Galileo's Middle Finger

Galileo's Middle Finger by Alice Dreger Read Free Book Online

Book: Galileo's Middle Finger by Alice Dreger Read Free Book Online
Authors: Alice Dreger
losing it, breaking down crying. In the medical literature, all of these people were “lost to follow-up.” They had dropped out of treatment and were invisible to medical surveillance, so what few outcomes studies there were (and there were almost none into adulthood) did not count them. No one really understood what these people had been through. I mean, a few people had heard these individuals’ stories one-on-one, but no one except maybe Bo and a couple of other intersex people had heard how this population had suffered collectively.
    There was Martha Coventry , who had had most of her “enlarged clitoris” cut off when she was six, because her parents were worried about gender confusion. There was David Cameron Strachan , who as an adult had been diagnosed with Klinefelter’s syndrome (XXY chromosomes) and had been shot full of testosterone by a doctor who maybe had thought that upping his sex drive would turn David from gay to straight. (Instead, it had made David uncomfortably hairy and horny, and he’d headed right to the San Francisco Castro District, just as HIV was arriving there, too.) There was a woman whom I’ll call Beth Lawrence, who had learned that she’d been born with testes when she had opened a sealed envelope that a doctor had told her not to open but to give straight to her next doctor. Beth had opened it in the parking lot outside her doctor’s office and found a medical journal article about her, her sisters, and her cousins, none of whom had been told they had testes. The article featured a large photograph of Beth as a teenager, standing naked in a medical setting, with her head cropped off—I suppose to keep her from being recognizable as Beth Lawrence.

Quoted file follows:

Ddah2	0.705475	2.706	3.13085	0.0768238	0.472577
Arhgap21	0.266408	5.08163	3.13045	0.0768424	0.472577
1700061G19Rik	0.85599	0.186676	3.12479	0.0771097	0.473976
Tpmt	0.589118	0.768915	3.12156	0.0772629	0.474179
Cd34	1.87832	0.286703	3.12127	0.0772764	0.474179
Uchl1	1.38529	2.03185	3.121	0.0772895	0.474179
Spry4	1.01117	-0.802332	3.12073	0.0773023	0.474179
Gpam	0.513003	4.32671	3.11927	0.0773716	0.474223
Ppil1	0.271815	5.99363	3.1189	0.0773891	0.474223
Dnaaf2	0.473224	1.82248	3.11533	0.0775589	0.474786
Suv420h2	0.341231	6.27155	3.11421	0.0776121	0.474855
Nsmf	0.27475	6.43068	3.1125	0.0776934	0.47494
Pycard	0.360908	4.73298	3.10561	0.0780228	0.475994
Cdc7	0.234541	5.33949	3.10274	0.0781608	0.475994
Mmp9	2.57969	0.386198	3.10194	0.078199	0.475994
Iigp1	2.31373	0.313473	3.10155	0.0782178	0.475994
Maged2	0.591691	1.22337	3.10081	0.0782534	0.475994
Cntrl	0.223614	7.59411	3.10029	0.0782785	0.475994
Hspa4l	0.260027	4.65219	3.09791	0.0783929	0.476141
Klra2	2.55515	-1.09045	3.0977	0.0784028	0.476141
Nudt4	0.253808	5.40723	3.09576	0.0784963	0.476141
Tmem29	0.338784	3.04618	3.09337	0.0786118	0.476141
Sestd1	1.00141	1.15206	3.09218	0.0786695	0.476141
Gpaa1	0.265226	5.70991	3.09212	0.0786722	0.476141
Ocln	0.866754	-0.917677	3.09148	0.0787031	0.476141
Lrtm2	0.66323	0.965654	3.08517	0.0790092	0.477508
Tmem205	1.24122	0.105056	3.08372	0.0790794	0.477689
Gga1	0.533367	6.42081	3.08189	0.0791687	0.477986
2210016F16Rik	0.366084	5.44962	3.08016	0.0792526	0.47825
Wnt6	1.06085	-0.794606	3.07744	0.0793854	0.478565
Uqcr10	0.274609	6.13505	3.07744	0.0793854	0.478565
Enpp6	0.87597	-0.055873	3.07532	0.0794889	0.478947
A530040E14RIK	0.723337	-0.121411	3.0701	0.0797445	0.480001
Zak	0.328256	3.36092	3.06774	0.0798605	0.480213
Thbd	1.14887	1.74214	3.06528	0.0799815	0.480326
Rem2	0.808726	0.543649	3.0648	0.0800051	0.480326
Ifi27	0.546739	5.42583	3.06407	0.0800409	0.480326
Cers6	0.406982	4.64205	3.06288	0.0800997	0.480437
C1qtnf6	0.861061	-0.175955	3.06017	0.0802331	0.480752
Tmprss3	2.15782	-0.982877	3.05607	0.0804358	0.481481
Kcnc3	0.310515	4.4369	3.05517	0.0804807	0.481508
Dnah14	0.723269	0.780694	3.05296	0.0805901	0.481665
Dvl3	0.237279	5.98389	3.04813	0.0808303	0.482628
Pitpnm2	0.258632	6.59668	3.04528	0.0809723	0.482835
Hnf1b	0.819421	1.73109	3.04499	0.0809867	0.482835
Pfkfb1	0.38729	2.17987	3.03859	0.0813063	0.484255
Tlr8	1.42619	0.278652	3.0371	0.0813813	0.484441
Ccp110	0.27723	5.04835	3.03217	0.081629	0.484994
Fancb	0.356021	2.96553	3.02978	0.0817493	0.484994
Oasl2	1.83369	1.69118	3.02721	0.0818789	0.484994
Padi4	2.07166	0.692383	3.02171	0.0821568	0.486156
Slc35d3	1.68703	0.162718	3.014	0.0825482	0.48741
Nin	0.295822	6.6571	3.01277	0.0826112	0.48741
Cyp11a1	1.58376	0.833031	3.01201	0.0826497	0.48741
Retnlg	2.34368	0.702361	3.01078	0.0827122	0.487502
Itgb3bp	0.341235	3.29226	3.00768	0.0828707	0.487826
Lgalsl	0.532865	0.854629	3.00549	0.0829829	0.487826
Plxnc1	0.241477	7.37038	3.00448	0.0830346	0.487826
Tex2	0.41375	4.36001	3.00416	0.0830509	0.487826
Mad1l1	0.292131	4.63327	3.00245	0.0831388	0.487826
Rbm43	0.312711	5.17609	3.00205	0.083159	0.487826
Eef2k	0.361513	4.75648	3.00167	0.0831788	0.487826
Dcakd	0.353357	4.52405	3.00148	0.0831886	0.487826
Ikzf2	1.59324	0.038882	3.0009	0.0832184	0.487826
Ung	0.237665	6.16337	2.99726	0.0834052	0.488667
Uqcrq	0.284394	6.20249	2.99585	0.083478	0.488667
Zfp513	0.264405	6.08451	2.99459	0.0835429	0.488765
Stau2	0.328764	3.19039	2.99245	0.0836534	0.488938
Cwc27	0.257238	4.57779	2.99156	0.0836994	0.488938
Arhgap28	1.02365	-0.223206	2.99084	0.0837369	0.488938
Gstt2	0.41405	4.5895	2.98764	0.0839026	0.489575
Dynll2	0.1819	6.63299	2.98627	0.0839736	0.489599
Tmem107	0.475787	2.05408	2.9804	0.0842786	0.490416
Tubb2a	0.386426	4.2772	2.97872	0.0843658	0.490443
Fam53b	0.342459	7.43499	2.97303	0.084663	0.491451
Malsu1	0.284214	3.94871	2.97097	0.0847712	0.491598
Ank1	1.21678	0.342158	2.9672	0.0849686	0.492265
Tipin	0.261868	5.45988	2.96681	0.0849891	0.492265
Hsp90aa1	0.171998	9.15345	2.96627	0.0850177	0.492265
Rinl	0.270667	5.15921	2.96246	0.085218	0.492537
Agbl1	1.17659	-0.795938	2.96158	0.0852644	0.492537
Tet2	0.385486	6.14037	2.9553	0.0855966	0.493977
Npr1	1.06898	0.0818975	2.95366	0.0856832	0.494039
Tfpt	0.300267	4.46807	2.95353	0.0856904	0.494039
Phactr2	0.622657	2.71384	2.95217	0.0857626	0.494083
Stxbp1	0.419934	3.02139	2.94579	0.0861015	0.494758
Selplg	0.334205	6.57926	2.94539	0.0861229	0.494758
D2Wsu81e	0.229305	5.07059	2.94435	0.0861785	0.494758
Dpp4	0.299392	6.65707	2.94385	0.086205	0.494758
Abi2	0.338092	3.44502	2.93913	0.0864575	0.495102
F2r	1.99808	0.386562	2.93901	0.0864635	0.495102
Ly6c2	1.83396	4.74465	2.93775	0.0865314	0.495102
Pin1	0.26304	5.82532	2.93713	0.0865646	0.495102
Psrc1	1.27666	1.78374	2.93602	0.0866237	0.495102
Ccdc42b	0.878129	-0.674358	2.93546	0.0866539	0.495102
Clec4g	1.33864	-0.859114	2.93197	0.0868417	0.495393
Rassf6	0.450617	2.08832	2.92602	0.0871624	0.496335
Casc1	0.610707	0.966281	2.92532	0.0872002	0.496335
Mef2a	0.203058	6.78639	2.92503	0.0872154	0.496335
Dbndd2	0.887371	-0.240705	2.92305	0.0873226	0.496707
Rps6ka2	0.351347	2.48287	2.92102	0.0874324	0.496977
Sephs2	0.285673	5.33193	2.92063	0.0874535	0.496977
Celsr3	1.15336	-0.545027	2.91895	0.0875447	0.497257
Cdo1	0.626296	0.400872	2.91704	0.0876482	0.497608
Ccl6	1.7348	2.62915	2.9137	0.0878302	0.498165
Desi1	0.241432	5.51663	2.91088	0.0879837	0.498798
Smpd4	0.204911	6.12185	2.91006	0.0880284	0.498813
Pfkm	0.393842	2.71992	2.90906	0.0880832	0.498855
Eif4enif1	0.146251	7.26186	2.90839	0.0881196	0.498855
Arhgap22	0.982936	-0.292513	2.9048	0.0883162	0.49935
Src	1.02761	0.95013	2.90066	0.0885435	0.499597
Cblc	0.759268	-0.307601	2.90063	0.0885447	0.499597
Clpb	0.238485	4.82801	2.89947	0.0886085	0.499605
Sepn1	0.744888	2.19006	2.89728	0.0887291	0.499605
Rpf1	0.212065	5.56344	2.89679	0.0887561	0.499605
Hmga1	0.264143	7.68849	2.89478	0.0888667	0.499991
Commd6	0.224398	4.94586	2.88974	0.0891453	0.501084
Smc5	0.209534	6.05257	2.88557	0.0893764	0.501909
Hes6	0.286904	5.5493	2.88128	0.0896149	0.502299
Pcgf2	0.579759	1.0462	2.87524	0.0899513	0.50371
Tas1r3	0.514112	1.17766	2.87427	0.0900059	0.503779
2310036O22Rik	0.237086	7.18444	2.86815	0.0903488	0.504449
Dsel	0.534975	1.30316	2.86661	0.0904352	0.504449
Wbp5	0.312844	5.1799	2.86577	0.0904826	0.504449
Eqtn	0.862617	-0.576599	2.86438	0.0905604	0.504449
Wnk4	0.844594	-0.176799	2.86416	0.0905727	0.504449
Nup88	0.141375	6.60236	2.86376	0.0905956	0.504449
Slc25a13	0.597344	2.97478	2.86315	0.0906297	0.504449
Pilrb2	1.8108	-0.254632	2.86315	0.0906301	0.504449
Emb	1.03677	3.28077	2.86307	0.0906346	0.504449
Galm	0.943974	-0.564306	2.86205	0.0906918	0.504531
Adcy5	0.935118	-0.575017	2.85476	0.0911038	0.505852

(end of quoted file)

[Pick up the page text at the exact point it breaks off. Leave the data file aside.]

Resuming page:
Of course, the pose and the crop also kept her from being recognizable as fully human. Beth still had that journal article, which she kept in the original envelope. Sitting in her backyard with her and Bo and looking at the article, I realized something bizarre: When we’d first met, I had insanely expected that Bo would walk up to me naked in black and white with her eyes blacked out. That’s how the medical journals had led me to think of contemporary intersex people. Even though I had been conversing with Bo by e-mail, I had subconsciously expected her to show up naked with a helpful grid behind her, her arms and legs splayed so as to show off her proportions to the medical student gazing upon her in the book .
    The fact that intersex adults actually meet you in full color, with their clothes on, with families and lives and mortgage debt and a lot of pain and trails of therapists who didn’t even believe their unbelievable histories—this all just made me more and more upset. Pediatric endocrinologists and pediatric urologists came to my invited academic lectures and told me they felt sure
patients were all doing fine. That just made me disoriented. Where are these happy patients? I asked. They told me they could not say. Privacy prevented it, they said. Ask your happy patients if they will talk to me confidentially, I said. Oh no, they said. We wouldn’t want you upsetting them. “But,” one assured me, “I know my patients are doing great because I get invited to their weddings.”
    “That’s sweet,” I answered, trying to hide my sarcasm. “How many have you been invited to?”
    “Um . . .” He hesitated. “One, I guess.”
    Bo also introduced me to a few people she’d found who had grown up with ambiguous genitalia, having gone “uncorrected” for various reasons. There was one woman whose sexually sensible mother had decided there just wasn’t any good reason to follow the doctor’s advice to shorten her young daughter’s noticeably long clitoris . There was another who had been too sickly as a child to be sent into elective surgery and so had escaped, growing up unharmed and ultimately pursuing a career in medicine. A third I met because she came to hear a talk I was giving in her town. This woman

Similar Books


Jennifer Hillier

Forest of the Pygmies

Isabel Allende


Robin Jones Gunn


Jinsey Reese, J. Meyers

Sick of Shadows

M. C. Beaton